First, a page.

Lots of cars boast that they can handle rugged terrain. This walking car concept from Hyundai puts them all to shame.
Called the Elevate UMV (“Ultimate Mobility Vehicle), the concept first debuted at CES 2019, and now it exists as a 5:1 scale prototype that’s part car, part transformer, and a total drool-fest for robotics geeks watching their wildest dreams come true.
It’s fitting, as we wait for flying cars, that we might first see walking cars first. There’s an evolutionary logic there, and while this concept might at first elicit eye rolls, it actually makes a weird kind of sense for some pretty important use cases. The vehicle has four wheels and operates as a normal under normal driving conditions. But when it needs to access areas that normal cars never could, its extensible legs lift it and its wheels turn 90 degrees to become feet. The articulated legs then allow the car to walk forward in a quadrupedal gait like some kind of mutant cow.
The project is led by John Suh, founding director of Hyundai’s New Horizons Studio. The studio takes as its goal contributing to Hyundai Motor Group’s core automotive business via far flung imagination. The Elevate project was informed by the Transformer toys of the ’80s and is a collaboration with Autodesk Generative Design. Autodesk seeks to streamline and accelerate the process of developing design ideas using computers to generate many times more design possibilities than a human would be capable of while accounting for trade-offs of strength, weight, cost, manufacturing complexity, and sustainability.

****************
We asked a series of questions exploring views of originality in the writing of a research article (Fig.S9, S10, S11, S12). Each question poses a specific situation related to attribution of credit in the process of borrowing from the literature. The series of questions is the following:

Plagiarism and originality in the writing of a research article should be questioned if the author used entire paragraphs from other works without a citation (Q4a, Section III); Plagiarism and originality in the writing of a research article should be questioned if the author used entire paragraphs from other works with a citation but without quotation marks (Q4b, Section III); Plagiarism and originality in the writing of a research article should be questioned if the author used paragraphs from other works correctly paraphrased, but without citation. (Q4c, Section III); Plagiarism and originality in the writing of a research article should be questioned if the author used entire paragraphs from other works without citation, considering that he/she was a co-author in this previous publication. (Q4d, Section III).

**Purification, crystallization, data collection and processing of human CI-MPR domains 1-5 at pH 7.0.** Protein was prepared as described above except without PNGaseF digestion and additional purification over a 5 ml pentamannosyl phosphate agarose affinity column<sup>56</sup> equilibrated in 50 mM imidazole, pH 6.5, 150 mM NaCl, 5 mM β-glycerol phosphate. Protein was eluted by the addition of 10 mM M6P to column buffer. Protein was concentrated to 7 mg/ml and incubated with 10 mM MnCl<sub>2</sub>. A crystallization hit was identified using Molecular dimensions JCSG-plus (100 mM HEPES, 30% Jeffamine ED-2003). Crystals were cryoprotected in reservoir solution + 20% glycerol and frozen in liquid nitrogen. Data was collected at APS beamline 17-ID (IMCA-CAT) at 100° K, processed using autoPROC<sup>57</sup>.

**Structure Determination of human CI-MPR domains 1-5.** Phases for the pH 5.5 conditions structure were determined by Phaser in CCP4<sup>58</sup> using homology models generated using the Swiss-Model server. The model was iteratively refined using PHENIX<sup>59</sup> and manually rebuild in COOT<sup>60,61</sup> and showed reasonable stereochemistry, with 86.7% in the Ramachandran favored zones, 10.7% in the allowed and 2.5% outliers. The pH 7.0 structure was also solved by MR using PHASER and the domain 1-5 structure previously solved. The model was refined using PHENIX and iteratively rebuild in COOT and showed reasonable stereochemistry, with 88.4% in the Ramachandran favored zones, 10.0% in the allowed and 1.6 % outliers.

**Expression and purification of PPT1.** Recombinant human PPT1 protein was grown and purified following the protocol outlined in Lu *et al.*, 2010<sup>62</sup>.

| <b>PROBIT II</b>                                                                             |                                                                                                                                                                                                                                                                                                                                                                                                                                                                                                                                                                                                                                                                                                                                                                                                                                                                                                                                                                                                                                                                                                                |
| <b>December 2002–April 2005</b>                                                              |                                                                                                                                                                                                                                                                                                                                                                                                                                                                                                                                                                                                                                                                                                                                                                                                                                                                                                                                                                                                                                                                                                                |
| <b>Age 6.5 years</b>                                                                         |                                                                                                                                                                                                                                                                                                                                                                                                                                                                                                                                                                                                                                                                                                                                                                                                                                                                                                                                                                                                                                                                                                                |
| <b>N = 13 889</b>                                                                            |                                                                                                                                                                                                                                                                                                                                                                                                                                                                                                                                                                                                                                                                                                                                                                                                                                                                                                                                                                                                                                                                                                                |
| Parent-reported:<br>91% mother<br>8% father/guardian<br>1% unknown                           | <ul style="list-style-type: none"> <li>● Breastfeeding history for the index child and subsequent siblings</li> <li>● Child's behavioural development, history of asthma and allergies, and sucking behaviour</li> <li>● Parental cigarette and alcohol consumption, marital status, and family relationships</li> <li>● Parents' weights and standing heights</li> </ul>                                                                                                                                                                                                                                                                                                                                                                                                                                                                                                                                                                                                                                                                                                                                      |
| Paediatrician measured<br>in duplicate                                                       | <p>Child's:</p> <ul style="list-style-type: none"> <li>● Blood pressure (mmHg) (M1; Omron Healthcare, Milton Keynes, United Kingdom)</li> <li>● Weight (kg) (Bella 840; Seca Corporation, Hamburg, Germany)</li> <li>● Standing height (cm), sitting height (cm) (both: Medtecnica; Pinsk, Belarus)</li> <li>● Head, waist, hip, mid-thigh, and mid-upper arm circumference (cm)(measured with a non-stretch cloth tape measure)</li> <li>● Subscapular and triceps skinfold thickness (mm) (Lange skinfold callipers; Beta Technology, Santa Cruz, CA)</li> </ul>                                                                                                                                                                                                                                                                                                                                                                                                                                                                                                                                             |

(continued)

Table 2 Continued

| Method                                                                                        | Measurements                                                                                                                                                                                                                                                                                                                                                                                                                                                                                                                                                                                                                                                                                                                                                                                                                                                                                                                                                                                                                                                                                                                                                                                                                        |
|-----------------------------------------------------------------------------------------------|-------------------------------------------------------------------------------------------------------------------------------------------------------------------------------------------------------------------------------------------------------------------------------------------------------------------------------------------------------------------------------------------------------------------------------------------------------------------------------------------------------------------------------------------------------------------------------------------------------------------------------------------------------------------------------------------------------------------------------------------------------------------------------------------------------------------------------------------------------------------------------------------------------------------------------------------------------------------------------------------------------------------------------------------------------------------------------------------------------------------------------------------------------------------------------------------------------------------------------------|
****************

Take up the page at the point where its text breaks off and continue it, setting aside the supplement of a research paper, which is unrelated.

“Generative design helps the human mind expand the range of possibilities,” says Suh. “With the help of generative design, a single designer or engineer can go through perhaps dozens or hundreds of different design iterations, so it enables them to see things that they may not have otherwise considered, and in tandem tackle complex problems. Which is to say that people still have a very important role to play in shaping the design direction. There will always be need for the human eye, the heart, and the soul as vital parts of the design process.”
As Suh points out in the embedded video, the use cases for a car that walks actually make more sense than you might at first think. Search and rescue is an obvious use case, but so enabling mobility-challenged people to get to their car without the use of lifts or ramps. The real upshot of the project for Hyundai, however, is the ability to iterate designs that are lighter, more nimble, and more multipurpose, learnings from which can be fed back into production cars.
“More than 10 years ago, we identified the pain points, rework required and loss of valuable information when projects move from one phase to the next and the associated files don’t play nicely in the heterogenous environments organizations so often use,” says Srinath Jonnalagadda, vice president of design and manufacturing at Autodesk. “Creating a design and engineering platform that helps remove those hurdles, while also putting advanced capabilities such as generative design tools at the fingertips of designers, has been our North Star for a decade. The Elevate project is a showcase of how leaders like Hyundai can now enjoy the fruits of that vision.”
It remains to be seen if we’ll get a full-sized version of Elevate UMV. If we do, I call shotgun.